Biological Treatment Feasibility

Assessing Aerobic Biological Treatment for Industrial Applications To determine the feasibility of your waste water being treated using aerobic (with oxygen) biological treatment is a two-phase process. Phase I is to perform wastewater characterization and an aerobic treat-ability assessment screening study. Phase I is a low- cost assessment that will answer the question, will aerobic biological treatment work on this waste water stream. Based on the estimated volume and type of waste water a decision can also be made whether or not to consider anaerobic (no oxygen) treatment. If Phase I results are favorable a Phase II study should follow. ... » Read More

Waste Water Treatment, Using Fenton’s Reagent for Chemical Oxidation

The Fenton reagent is produced when a solution of hydrogen peroxide is mixed with dissolved ferrous iron. The ferrous iron acts as a catalyst to produce a hydroxyl radical. The hydroxyl radical generated in the Fenton Process is a strong oxidizer that is second only to Fluorine in its oxidizing strength. It has approximately twice the oxidizing strength of hydrogen peroxide alone. Fenton’s reagent is used to oxidize organic contaminates found in industrial waste waters. Fenton’s reagent is most commonly used to destroy organic compounds that are resistant to other wastewater treatment techniques such as biological treatment or carbon adsorption. ... » Read More

Waste Water Treatment, Design and Build vs. Standard Vendor Unit

Waste water treatment technology is not new. The individual components that make up a complete system are readily available. Standard Vendor Unit As a rule of thumb vendor units are usually designed for flow rates up to 30 gallons per minute (GPM). Vendors state the flow rate as 0 to 30 for a 30 gpm system. It is stated this way because as filters are used they become blocked and the flow will continuously drop off. High contaminate concentrations will also reduce the amount of waste water that the system is able to treat. Design and Build For high contaminate ... » Read More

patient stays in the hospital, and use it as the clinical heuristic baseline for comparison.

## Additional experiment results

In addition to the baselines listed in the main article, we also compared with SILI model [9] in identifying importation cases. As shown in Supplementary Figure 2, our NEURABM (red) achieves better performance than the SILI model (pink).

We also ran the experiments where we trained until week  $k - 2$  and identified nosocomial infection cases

dewatering box caking

Solving Sludge De-Watering Box Problems – Cake removal

De-watering Box Cake Removal One problem that can occur when using a de-watering box with a dense sludge is that after drying, the dried material or cake, can stick inside the de-watering box. Filter Cloth is a Simple Solution A simple solution to this is to line the de-watering box with a filter cloth. When you dump the hopper, just throw the filter cloth away along with the cake and start over. An inexpensive Poly Ethylene or Rayon filter cloth works well for this situation. Filter cloth can be purchased in rolls up to six feet in width. A typical ... » Read More

Sludge Conditioning to Aid Sludge De-Watering

Most sludge de-watering applications will benefit from sludge conditioning ahead of the thickening or de-watering device. Coagulants and flocculants, polymers, are widely used in many industries to remove water from wet solids (sludge). Note that flocculants alone are often all that is required to improve sludge de-watering. This process is known as sludge conditioning. Water release from sludge is affected by electrostatic forces of attraction and repulsion that control floc formation and size. Floc size and uniformity controls the flow of water through the sludge under gravity (de-watering boxes), or under pressure (belt presses and plate and frame filter presses). ... » Read More